Since we already know how to do PCR from our previous blog post, let’s focus on the other stuff. The first step listed is to digest the PCR product. For this, we will use restriction enzymes and incubate them with the PCR products. If everything was designed properly, we would know exactly where the restriction enzymes will cut the DNA in both the “vector” and the “insert”. Next, we will run these restriction digests on a gel and pick out the bands corresponding to our vector and insert (which we already know the size of). Any other “junk” PCR products will be removed in this step. The vector and insert DNA will then be “ligated” to form our new plasmid. To confirm our gene is in this plasmid, we will transform some bacteria with it on a petri dish. Try to make dilutions of your bacteria so that you can grow colonies of bacteria and pick out colonies later on. With the colonies that you pick out, you’ll want to isolate their DNA and digest it to see if your vector and insert are inside. We’ve already isolated the vector and insert in the past, so it’s simple to find out if our insert is inside the bacteria. Finally, as another confirmation, we will sequence the DNA from the bacteria and confirm that everything exists. We will write more about each of these steps in the future, but we wanted you to see them together, as an overview, in this blog post.
Take a look at the steps below:
Tips and Tricks with this methodology
: Make sure you choose the melting temperature to match the part of the primer that binds the “open reading frame” (your gene of interest). If you choose the wrong melting temperature, you might get the wrong PCR products because either a) your Tm was too low and you didn’t split the ORF or b) your temp was too high and you got lots of non specific binding.
: Make sure DNA digestion occurs for a long time, preferable overnight, to make sure all your vector and insert products were cut and maximize your ligation in the next step. You may need to use alkaline phosphatase in this step. I’ll speak more about that in the future.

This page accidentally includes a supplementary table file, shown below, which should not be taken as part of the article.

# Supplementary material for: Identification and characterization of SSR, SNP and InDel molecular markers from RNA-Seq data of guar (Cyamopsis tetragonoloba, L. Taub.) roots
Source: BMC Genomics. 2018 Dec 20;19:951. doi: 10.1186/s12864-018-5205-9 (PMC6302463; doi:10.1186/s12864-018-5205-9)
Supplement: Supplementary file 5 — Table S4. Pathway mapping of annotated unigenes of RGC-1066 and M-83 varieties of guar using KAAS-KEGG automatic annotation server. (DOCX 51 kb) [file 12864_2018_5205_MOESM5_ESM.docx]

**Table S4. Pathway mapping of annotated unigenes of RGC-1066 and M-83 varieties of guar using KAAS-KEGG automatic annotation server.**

: During gel electrophoresis make sure that you run the correct controls and *know* what wells relate to each of the digested products. Also, make sure you skip lanes to make cutting the wells easier. After this, you’ll need to quantify your DNA so you have enough for the ligation step. You can use a UV spectrometer for this step.
: Ligation also requires you to have several controls. For example, you need a ligation reaction without any insert. This will tell you how much background self-ligation your recipient plasmid has. You also need a ligation with some of the other bands you see during your gel electrophoresis. This will tell you how much contaminant DNA there was in your ligation.
Methods related to Gene Cloning on SciGine
- Cloning of Rabbit Eye RNA using cDNA library
- Detection of positive Yeast transformants
- Use of a Ligation Free Cloning Kit
- PCR Cloning, Amplification, Sequencing of cDNA
- Gene Cloning of the RAPD loci
Video about Gene Cloning with Plasmids
Notes from our audience
- “TA cloning is another approach if cloning doesn’t work in systematic way” –Swapnil Oke on Linked In
- “I think for completeness I think it would be valuable to also mention a few other plasmid features that are important. I didn’t see mention of ribosomal binding sites (RBS) or origin of replication, etc” – Michael Kim on Linked In. — I plan on write about more details regarding plasmid design and purification in the future. For now, please don’t use the above blog post as a comprehensive guide…more like an overview 🙂